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A Test for Vitamin D

There are two main kinds of vitamin D—vitamin D2 and vitamin D3—which you can get from (and occur naturally in) certain foods like salmon, tuna, mackerel, and beef liver and egg yolks. But because we don’t consume large enough quantities of these foods, they can’t be our sole source of vitamin D. That’s why foods like milk, cereal, and some orange juices are vitamin D2- and D3-fortified. (Since the 1930s, manufacturers have voluntarily enriched these foods with vitamin D to help reduce the incidence of nutritional rickets.)

When exposed to the sun, your skin can manufacture its own vitamin D. “We each have vitamin D receptor cells that, through a chain of reactions starting with the conversion of cholesterol in the skin, produce vitamin D3 when they’re exposed to ultraviolet B (UVB) from the sun,” says Yale Medicine dermatologist David J. Leffell, MD, chief of Dermatologic Surgery.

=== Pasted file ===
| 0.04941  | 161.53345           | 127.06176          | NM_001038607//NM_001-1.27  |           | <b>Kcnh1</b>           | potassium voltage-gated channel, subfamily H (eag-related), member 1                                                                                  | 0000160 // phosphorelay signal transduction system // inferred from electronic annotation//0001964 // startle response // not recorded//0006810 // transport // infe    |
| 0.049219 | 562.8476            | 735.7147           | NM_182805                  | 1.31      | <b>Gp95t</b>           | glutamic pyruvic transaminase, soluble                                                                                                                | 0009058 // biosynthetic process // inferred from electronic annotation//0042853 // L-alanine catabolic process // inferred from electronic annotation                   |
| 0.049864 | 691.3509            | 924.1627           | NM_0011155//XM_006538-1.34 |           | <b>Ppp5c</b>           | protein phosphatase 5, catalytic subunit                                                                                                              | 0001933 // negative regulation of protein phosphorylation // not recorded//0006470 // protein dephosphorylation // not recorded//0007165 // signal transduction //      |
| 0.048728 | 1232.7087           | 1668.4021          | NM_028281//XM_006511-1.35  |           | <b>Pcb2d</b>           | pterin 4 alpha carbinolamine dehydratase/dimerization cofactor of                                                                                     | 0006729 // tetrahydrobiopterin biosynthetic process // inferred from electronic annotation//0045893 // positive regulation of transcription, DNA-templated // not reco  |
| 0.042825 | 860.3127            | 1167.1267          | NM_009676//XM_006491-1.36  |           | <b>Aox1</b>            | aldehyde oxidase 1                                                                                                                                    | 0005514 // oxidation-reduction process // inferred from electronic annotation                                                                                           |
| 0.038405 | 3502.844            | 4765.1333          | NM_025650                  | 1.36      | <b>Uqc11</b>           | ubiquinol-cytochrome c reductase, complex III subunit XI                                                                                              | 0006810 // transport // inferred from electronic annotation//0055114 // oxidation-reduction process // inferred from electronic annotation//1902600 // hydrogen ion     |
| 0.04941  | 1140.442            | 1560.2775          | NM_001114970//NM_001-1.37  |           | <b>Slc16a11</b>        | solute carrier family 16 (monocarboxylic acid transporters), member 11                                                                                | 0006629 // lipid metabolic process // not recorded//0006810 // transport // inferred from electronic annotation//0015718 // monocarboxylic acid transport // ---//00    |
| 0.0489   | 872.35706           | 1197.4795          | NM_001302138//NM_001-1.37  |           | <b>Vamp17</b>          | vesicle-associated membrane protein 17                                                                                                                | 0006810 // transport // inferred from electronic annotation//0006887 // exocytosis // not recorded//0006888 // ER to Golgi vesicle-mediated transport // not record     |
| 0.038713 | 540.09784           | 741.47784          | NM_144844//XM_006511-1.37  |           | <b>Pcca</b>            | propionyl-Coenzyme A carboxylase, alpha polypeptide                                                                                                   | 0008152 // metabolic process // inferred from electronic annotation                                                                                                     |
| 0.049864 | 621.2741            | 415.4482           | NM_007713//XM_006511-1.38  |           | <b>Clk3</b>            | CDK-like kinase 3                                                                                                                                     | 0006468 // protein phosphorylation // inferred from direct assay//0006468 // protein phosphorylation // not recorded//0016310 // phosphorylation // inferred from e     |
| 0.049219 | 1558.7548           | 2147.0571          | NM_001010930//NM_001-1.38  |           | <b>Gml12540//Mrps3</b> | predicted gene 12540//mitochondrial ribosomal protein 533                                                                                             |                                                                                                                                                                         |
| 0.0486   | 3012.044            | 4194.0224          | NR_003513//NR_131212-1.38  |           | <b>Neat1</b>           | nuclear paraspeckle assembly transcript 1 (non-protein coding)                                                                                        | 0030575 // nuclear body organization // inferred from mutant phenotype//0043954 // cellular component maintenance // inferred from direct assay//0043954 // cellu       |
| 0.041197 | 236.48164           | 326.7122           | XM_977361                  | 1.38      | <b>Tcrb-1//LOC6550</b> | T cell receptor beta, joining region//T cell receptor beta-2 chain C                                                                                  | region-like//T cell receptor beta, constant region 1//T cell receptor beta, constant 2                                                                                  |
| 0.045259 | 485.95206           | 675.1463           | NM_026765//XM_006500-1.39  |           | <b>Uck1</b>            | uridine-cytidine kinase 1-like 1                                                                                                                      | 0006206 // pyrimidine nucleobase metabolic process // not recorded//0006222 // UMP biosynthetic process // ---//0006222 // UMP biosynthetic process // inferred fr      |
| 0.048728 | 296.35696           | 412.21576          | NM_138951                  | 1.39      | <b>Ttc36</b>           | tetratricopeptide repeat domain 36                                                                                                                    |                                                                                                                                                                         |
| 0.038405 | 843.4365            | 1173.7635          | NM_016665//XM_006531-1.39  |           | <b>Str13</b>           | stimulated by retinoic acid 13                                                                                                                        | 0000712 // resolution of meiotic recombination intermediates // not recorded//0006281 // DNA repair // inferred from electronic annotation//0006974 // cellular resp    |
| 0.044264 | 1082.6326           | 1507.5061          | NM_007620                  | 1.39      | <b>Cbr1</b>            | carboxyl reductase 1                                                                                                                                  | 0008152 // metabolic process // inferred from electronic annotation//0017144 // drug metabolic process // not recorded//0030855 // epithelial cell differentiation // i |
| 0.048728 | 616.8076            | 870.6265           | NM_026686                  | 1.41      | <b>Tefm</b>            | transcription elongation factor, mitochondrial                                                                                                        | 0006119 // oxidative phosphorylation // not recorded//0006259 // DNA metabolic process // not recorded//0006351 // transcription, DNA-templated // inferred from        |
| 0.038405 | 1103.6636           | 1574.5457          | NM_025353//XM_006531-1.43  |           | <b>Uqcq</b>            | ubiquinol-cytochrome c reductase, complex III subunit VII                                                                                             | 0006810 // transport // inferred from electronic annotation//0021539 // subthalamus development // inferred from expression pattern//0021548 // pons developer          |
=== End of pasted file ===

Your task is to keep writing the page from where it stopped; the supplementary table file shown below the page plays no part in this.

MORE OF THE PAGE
Another avenue to get vitamin D is by taking supplements. These come in both pill and liquid form. They are generally recommended for people with fat absorption issues, lactose intolerance, milk allergies, as well as for people with darker skin tones or with certain medical conditions that prevent them from going outdoors.

Deficiencies are everywhere today, especially when it comes to nutrients our bodies must have to perform well. This is true for most people when it comes to the important Vitamin D. Let’s examine Vitamin D absorption into the human body. Science is factual and predictable and does not lie or misdirect. For a Vitamin D supplement, you not only have to consume it but your body has to absorb it for it to be used. This does not happen well without a chelation element.

Chelation means “to grab” or “to bind.”

Read the full post at Wake Up Sense